Istvan Kecskes of the University of Albany (State University of New York) said their MA Tesol course has 45 students, of which three fifths are native speakers born in the US, with the remainder being international students from China, Japan, South Korea, Russia, India, Poland and Spain. Seven out of ten are female, and the age range is from their twenties to their fifties. Albany’s MA intake are all experienced teachers, mostly ‘senior teachers with international experience,’ but with ‘novice teachers’ among them. Albany gets more international MA Tesol students than previously, and sees more students coming into Tesol from other professions.

Half of the MA students at the department of English and language studies at Canterbury Christ Church University in the UK are non-native speakers, from Japan, Korea, Ukraine, Yemen, Pakistan, Turkey and Argentina. 85 per cent are women, ranging from their twenties to their sixties. They have an average of five years’ teaching experience, while at least one has been teaching for 30 years. They are mostly on the course with the aim of becoming a Director of Studies. They haven’t seen any recent changes in the age range, and seem be getting more native speakers from the UK.

At the University of York in the UK, 20 students on the distance MA, all but one who gave their gender were female, UK nationals and native speakers were outnumbered by non-native speakers from Singapore, Greece, Spain and Korea. Asians and Greeks tended to be much younger than the Brits, who were generally in their forties.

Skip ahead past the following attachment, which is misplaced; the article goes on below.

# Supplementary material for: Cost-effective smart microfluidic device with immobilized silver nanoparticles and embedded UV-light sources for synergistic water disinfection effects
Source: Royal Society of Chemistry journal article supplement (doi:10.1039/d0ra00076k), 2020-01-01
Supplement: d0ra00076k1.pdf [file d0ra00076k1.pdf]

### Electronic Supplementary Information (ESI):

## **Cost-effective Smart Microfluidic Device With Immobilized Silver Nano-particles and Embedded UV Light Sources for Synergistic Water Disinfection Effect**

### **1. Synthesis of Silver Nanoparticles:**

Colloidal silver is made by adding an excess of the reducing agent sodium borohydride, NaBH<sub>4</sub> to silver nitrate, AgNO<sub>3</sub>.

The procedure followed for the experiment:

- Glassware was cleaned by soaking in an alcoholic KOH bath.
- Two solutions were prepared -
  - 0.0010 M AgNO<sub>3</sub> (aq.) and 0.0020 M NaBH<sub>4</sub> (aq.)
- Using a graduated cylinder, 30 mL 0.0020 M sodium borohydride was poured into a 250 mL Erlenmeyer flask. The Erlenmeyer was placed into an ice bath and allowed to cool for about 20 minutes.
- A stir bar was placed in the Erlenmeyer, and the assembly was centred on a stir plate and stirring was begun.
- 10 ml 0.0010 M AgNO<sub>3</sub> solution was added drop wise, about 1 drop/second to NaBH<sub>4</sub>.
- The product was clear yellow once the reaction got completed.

Individual distance MA Tesol/Tefl or Applied Linguistics students from the University of Birmingham, also in the UK, distance tended to be male native speakers, in their thirties.

In a random sample of MA Tesol by distance students at the New School New York – one in her sixties, mostly US nationals, one of whom was pleasantly surprised at the ‘diversity of the student body.’

Students from Hamline Graduate School in Minnesota who responded to an earlier Gazette survey were mostly North Americans (US citizens and one Canadian) and in their thirties. One woman aged 50 described her nationality as ‘Scandinavian’ (not a nationality), but given that Minnesota has a high proportion of residents of Scandinavian origin, she may have a US citizen describing her ethnicity.

Liz England of Shenandoah University said of the approximately 200 students enrolled on their MA Tefl/Tesol courses that she was struck by the great diversity of the student body. They’re a mix of native and non-native speakers, the latter from ‘five continents’ including Morocco, Korea, Germany, Japan, Mozambique and the UAE. Women outnumber men. Students range in age from 30 to 70. Most are already employed full-time teaching in EFL/ESL or other fields, and there are Directors of Studies and ministry of education people among them. The student body is becoming ‘more diverse’ with a bigger demand for distance MA courses compared to on-campus courses.